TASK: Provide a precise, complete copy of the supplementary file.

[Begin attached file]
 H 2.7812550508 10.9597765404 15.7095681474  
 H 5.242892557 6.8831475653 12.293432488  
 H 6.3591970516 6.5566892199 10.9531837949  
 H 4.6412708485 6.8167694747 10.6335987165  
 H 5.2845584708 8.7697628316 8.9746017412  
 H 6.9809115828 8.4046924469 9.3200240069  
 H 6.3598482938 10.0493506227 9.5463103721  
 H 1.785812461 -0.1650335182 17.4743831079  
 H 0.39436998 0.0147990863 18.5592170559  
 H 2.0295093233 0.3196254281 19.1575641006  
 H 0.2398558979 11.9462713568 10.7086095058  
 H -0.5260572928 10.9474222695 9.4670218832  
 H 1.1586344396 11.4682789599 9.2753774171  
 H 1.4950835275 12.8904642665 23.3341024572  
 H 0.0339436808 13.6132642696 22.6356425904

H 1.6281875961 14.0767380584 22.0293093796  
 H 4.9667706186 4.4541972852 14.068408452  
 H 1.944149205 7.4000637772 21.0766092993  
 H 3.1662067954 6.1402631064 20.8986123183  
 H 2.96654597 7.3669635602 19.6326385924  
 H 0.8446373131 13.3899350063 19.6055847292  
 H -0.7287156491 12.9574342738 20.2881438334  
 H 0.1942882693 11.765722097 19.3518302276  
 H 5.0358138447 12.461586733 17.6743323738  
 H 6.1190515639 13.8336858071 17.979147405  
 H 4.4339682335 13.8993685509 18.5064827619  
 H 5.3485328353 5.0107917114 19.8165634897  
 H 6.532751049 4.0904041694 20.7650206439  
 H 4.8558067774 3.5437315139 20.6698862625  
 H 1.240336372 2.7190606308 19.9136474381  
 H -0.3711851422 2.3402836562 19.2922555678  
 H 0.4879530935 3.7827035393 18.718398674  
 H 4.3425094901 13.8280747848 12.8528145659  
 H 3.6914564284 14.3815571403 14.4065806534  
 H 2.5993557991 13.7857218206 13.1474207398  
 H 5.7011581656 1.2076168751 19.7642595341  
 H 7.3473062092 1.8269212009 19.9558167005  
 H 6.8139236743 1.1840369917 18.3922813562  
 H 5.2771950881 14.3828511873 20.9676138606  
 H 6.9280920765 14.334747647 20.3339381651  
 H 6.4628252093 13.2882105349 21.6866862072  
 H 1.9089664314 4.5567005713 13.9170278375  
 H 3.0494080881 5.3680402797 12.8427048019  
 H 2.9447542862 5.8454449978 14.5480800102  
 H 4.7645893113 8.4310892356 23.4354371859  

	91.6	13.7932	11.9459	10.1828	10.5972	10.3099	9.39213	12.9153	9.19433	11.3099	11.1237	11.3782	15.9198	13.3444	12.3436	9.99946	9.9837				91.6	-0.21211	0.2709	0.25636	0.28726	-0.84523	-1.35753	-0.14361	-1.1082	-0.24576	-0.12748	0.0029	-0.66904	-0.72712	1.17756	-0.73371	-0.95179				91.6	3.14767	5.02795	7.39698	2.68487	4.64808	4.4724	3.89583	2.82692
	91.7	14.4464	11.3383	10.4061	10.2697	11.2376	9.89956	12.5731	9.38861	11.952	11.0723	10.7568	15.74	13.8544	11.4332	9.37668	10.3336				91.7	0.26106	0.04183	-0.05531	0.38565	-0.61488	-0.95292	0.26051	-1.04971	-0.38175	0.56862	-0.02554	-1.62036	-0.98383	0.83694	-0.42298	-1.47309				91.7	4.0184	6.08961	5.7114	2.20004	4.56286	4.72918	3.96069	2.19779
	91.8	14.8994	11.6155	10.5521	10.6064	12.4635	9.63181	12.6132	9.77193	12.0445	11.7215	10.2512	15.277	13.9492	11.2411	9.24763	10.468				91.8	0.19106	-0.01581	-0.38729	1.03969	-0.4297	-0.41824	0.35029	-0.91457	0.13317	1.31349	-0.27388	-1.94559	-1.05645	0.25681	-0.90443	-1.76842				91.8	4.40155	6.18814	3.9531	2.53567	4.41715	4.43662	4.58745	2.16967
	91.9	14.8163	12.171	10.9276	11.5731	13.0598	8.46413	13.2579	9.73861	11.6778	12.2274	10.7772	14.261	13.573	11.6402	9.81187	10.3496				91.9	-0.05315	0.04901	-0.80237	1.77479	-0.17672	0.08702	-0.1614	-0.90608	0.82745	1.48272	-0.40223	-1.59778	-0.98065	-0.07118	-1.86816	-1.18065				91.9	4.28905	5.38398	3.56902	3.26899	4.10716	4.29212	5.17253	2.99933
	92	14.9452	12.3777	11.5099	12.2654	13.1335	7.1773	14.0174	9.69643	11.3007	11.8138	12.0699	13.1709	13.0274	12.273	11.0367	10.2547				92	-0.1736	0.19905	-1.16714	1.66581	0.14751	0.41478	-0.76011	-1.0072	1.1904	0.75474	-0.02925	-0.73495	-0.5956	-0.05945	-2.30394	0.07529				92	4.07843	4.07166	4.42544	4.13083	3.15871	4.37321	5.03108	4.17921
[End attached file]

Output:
 H 2.7812550508 10.9597765404 15.7095681474  
 H 5.242892557 6.8831475653 12.293432488  
 H 6.3591970516 6.5566892199 10.9531837949  
 H 4.6412708485 6.8167694747 10.6335987165  
 H 5.2845584708 8.7697628316 8.9746017412  
 H 6.9809115828 8.4046924469 9.3200240069  
 H 6.3598482938 10.0493506227 9.5463103721  
 H 1.785812461 -0.1650335182 17.4743831079  
 H 0.39436998 0.0147990863 18.5592170559  
 H 2.0295093233 0.3196254281 19.1575641006  
 H 0.2398558979 11.9462713568 10.7086095058  
 H -0.5260572928 10.9474222695 9.4670218832  
 H 1.1586344396 11.4682789599 9.2753774171  
 H 1.4950835275 12.8904642665 23.3341024572  
 H 0.0339436808 13.6132642696 22.6356425904

H 1.6281875961 14.0767380584 22.0293093796  
 H 4.9667706186 4.4541972852 14.068408452  
 H 1.944149205 7.4000637772 21.0766092993  
 H 3.1662067954 6.1402631064 20.8986123183  
 H 2.96654597 7.3669635602 19.6326385924  
 H 0.8446373131 13.3899350063 19.6055847292  
 H -0.7287156491 12.9574342738 20.2881438334  
 H 0.1942882693 11.765722097 19.3518302276  
 H 5.0358138447 12.461586733 17.6743323738  
 H 6.1190515639 13.8336858071 17.979147405  
 H 4.4339682335 13.8993685509 18.5064827619  
 H 5.3485328353 5.0107917114 19.8165634897  
 H 6.532751049 4.0904041694 20.7650206439  
 H 4.8558067774 3.5437315139 20.6698862625  
 H 1.240336372 2.7190606308 19.9136474381  
 H -0.3711851422 2.3402836562 19.2922555678  
 H 0.4879530935 3.7827035393 18.718398674  
 H 4.3425094901 13.8280747848 12.8528145659  
 H 3.6914564284 14.3815571403 14.4065806534  
 H 2.5993557991 13.7857218206 13.1474207398  
 H 5.7011581656 1.2076168751 19.7642595341  
 H 7.3473062092 1.8269212009 19.9558167005  
 H 6.8139236743 1.1840369917 18.3922813562  
 H 5.2771950881 14.3828511873 20.9676138606  
 H 6.9280920765 14.334747647 20.3339381651  
 H 6.4628252093 13.2882105349 21.6866862072  
 H 1.9089664314 4.5567005713 13.9170278375  
 H 3.0494080881 5.3680402797 12.8427048019  
 H 2.9447542862 5.8454449978 14.5480800102  
 H 4.7645893113 8.4310892356 23.4354371859  

	91.6	13.7932	11.9459	10.1828	10.5972	10.3099	9.39213	12.9153	9.19433	11.3099	11.1237	11.3782	15.9198	13.3444	12.3436	9.99946	9.9837				91.6	-0.21211	0.2709	0.25636	0.28726	-0.84523	-1.35753	-0.14361	-1.1082	-0.24576	-0.12748	0.0029	-0.66904	-0.72712	1.17756	-0.73371	-0.95179				91.6	3.14767	5.02795	7.39698	2.68487	4.64808	4.4724	3.89583	2.82692
	91.7	14.4464	11.3383	10.4061	10.2697	11.2376	9.89956	12.5731	9.38861	11.952	11.0723	10.7568	15.74	13.8544	11.4332	9.37668	10.3336				91.7	0.26106	0.04183	-0.05531	0.38565	-0.61488	-0.95292	0.26051	-1.04971	-0.38175	0.56862	-0.02554	-1.62036	-0.98383	0.83694	-0.42298	-1.47309				91.7	4.0184	6.08961	5.7114	2.20004	4.56286	4.72918	3.96069	2.19779
	91.8	14.8994	11.6155	10.5521	10.6064	12.4635	9.63181	12.6132	9.77193	12.0445	11.7215	10.2512	15.277	13.9492	11.2411	9.24763	10.468				91.8	0.19106	-0.01581	-0.38729	1.03969	-0.4297	-0.41824	0.35029	-0.91457	0.13317	1.31349	-0.27388	-1.94559	-1.05645	0.25681	-0.90443	-1.76842				91.8	4.40155	6.18814	3.9531	2.53567	4.41715	4.43662	4.58745	2.16967
	91.9	14.8163	12.171	10.9276	11.5731	13.0598	8.46413	13.2579	9.73861	11.6778	12.2274	10.7772	14.261	13.573	11.6402	9.81187	10.3496				91.9	-0.05315	0.04901	-0.80237	1.77479	-0.17672	0.08702	-0.1614	-0.90608	0.82745	1.48272	-0.40223	-1.59778	-0.98065	-0.07118	-1.86816	-1.18065				91.9	4.28905	5.38398	3.56902	3.26899	4.10716	4.29212	5.17253	2.99933
	92	14.9452	12.3777	11.5099	12.2654	13.1335	7.1773	14.0174	9.69643	11.3007	11.8138	12.0699	13.1709	13.0274	12.273	11.0367	10.2547				92	-0.1736	0.19905	-1.16714	1.66581	0.14751	0.41478	-0.76011	-1.0072	1.1904	0.75474	-0.02925	-0.73495	-0.5956	-0.05945	-2.30394	0.07529				92	4.07843	4.07166	4.42544	4.13083	3.15871	4.37321	5.03108	4.17921